>> ten years from now we've pencilled in some revenue. that's a good thing. >> all right. explain in lay men's terms to parents that want to know where does it cost so much to go to college these days? where is the big expense in the university? >> i think several reasons. first of all, it's not as expensive as you think. this is where we get to -- i call it the sticker price, and it's the whole sticker price. >> most u.c. students, according to napolitano, graduate with no debt, and among those that do have debt, it's less than $20,000. >> that's an investment, and, you know, that's not even -- that's a car. think about it in terms like that. >> it will pay itself off and off and off. napolitano will continue to fight for at the state capital. >> it remains and is sacramento
and the budget. i just know it. you'll see it. we're going to keep working. >> a very public nudge from the governor to make a bigger commitment to the u.c. system. now, tuition has been frozen for three years now, so we ask president napolitano is a tuition increase is on the horizon, and she says that without a significantly bigger financial pot from the state, it will be difficult to maintain that tuition freeze. well, colleges across california offer classes and majors in ethnic studies. in fact, ethnic studies has been around for four years, and the bay area is its birthplace. yet, you won't find many ethnic studies classes in bay area high schools. one high school, though, is trying to hang that. not everyone supports that move. >> class is just getting started in south san francisco high school. >> everyone brought this, yeah? >> yeah. >> mr. la cruz's students are learning about ethnic studies.
today they're sharing a tree of life. >> the roots are like the values. the limbs are like family or love or hope. >> they also write about topics like race, violence, and sexuality. >> it kind of gets you lowers and, like, to know more about the people around you. you figure out that not everybody is the same. >> and that's the crux of this class. >> the idea everyone is not the same. ethnic studies is a smes ebbing-long examination of identity. >> if you are an immigrant, is it hard to come here right away? yes? maybe? >> mr. de la cruz talks about the challenges facing immigrants. >> racism, language barriers, learning the culture, being away from who? your family. right? >> i prefer to consider all americans. >> the president of the conservative form of silicon valley opposes ethnic studies because he says it draws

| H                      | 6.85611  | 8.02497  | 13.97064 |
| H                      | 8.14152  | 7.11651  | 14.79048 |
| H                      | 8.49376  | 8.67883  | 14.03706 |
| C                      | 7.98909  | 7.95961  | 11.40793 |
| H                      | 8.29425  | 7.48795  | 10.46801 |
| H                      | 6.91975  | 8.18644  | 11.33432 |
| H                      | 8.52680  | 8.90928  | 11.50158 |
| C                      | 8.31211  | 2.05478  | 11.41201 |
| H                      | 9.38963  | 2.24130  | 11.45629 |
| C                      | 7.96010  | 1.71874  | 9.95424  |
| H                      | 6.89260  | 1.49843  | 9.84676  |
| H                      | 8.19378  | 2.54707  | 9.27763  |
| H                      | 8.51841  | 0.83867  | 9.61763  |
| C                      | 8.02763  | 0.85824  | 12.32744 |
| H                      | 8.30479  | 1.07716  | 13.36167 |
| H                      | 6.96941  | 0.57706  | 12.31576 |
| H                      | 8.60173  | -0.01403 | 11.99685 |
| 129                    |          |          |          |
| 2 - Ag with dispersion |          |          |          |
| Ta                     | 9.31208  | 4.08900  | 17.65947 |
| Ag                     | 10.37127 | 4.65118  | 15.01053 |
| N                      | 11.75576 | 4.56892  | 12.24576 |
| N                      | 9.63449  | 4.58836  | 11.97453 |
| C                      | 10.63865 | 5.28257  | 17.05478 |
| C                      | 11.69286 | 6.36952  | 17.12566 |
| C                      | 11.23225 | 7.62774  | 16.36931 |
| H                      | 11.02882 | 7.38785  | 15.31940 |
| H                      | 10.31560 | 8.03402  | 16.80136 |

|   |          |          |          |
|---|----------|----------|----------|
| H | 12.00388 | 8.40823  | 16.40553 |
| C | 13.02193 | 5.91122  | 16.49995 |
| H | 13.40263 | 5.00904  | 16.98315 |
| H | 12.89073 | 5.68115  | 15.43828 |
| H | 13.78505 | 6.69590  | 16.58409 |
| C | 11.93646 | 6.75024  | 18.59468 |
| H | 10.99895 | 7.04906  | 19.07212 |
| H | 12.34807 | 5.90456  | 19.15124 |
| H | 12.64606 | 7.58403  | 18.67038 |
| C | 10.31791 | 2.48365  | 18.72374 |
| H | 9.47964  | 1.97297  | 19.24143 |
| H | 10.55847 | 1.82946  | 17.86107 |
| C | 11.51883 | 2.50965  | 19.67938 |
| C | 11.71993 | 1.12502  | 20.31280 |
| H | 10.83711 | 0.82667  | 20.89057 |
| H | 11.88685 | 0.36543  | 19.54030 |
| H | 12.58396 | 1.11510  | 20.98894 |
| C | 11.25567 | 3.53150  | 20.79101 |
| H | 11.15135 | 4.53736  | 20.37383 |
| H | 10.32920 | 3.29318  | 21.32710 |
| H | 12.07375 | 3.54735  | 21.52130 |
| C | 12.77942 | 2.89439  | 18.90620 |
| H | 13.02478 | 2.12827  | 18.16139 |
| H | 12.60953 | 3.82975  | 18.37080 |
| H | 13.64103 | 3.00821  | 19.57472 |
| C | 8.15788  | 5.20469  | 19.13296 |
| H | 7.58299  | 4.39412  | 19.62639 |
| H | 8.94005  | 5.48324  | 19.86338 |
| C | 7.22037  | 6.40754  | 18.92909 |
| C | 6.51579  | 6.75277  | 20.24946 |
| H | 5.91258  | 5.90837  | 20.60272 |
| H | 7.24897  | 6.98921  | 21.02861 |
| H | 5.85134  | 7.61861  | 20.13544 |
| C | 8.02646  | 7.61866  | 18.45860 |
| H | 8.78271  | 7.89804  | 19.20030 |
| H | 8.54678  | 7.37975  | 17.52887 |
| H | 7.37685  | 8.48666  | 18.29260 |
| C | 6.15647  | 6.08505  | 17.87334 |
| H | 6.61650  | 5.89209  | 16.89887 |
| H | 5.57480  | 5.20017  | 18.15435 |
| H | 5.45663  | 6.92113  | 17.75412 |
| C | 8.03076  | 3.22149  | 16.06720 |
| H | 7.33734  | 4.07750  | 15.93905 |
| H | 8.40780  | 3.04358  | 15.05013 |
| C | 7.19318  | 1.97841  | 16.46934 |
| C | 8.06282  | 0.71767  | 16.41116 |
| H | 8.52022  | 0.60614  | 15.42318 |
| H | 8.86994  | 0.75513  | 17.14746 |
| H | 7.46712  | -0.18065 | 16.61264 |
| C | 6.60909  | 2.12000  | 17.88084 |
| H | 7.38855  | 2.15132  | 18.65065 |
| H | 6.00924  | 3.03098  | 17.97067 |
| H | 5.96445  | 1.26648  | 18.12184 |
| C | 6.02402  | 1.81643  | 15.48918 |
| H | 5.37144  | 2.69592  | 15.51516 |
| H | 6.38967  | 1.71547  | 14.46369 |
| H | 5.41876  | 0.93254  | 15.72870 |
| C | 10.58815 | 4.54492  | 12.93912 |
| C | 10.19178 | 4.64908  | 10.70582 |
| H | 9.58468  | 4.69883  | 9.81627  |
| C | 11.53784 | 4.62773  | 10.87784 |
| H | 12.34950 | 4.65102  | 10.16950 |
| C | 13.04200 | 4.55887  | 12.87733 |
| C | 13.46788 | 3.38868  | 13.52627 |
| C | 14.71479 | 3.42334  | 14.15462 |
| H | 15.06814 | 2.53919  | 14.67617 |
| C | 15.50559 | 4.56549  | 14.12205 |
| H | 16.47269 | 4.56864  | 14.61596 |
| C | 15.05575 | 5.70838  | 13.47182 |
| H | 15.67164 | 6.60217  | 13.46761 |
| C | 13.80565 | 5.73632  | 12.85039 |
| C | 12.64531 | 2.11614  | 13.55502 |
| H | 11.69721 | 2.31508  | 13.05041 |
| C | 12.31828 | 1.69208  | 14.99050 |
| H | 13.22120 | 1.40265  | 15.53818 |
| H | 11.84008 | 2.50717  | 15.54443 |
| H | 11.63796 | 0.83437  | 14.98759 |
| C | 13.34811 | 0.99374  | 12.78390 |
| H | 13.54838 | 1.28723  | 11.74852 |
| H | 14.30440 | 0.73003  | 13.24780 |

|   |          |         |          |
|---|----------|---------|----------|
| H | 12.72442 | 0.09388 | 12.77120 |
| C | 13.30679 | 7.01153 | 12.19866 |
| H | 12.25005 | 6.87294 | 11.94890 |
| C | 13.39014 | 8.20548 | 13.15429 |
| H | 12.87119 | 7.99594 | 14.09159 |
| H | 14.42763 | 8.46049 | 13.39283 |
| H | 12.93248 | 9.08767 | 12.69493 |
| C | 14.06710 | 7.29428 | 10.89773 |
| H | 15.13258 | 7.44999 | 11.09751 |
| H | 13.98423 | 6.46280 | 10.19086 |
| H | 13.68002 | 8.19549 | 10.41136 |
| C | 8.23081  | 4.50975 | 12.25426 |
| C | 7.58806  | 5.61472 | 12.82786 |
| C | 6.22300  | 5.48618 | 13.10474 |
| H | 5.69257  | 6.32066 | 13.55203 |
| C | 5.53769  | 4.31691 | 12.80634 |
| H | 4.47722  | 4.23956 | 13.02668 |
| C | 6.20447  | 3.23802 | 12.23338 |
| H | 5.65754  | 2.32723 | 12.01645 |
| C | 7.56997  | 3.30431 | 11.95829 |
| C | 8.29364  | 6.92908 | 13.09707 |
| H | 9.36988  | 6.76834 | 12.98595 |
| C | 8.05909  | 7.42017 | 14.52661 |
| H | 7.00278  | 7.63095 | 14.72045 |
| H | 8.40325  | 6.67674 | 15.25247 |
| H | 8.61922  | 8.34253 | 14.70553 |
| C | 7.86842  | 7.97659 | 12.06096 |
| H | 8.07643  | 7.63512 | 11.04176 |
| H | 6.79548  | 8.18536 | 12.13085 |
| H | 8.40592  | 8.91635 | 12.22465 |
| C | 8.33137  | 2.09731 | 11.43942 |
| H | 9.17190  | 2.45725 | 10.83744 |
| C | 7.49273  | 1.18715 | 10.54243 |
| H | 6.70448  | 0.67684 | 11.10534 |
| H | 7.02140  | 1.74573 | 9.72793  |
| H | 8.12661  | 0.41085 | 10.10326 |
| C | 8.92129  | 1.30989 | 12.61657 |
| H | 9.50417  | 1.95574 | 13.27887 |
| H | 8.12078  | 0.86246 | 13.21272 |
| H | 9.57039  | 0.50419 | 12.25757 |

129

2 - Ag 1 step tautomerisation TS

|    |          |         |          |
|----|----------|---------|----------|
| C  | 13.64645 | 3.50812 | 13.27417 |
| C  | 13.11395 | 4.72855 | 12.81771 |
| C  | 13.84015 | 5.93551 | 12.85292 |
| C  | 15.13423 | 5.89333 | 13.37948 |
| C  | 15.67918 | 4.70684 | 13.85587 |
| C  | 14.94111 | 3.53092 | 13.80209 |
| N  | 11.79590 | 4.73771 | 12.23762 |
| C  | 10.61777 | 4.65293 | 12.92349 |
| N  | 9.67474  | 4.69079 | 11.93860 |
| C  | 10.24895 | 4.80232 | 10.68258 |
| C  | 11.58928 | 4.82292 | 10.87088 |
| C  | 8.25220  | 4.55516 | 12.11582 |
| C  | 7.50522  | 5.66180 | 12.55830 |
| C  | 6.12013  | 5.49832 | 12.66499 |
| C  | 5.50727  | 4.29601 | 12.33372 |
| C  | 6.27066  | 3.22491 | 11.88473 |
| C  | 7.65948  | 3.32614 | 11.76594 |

attention to ethnic identity. >> our nation is founded on principles of freedom, individual liberty, and we are a meritorious societied. we don't care your social background. we want to know what can you do for owes society at large? >> the opposition to ethnuclear studies is not unique. >> let's do this. united. >> we'll never be divided. >> in tucson mexican-american studies was banned in 2011 amid vocal protest by high school seniors. >> while the classes in south san francisco haven't generated heated debate here, the students and teachers know they're on the frontline. >> every human being knows how to adapt, right? that's part of being a human. >> ethnic studies in south san francisco is an elective, but there is a school in southern california that will soon require ethnic constituted wriz for graduation, and there has
been several efforts in sacrament wroe to look at a statewide ethnic studies curriculum, but they haven't gotten very far. >> well, coming up next on class action, the social set. kindergarten in full swing, and while teachers are ready to tackle the achievement gap, research shows that latino kids are ready to learn.
welcome back. it's well documented that latino kids often arrive in kindergarten behind their peers in english and other subjects too. it's a disadvantage that can persist for wreerz to come. it turns out that even at a very early age latino students have skills that are often overlooked and that could help them catch up. >> in five seconds everyone should be ready. >> in many ways kindergarten at this elementally school is a reflection of the shifting demographics of california. more than half of the students
at this school and statewide are latinos. latino wroe students have historically led behind their peers. but research is shedding new light on a little known strength. >> the common perception about language delays, lower english proficiency, some at lower kog nettive skills, problem solving skills, that's all true. that's born out in our findings. >> i need your magazines to be closed up. it's okay that the pages are torn. we're going to use them again another day. >> that doesn't track against their social skills. >> clear. >> on your table. see the pile that leslie is making? >> they have strong socialing and emotional skills. >> you're going to move to the next station. on your mark. >> they show from kindergarten mature. they respect their teachers.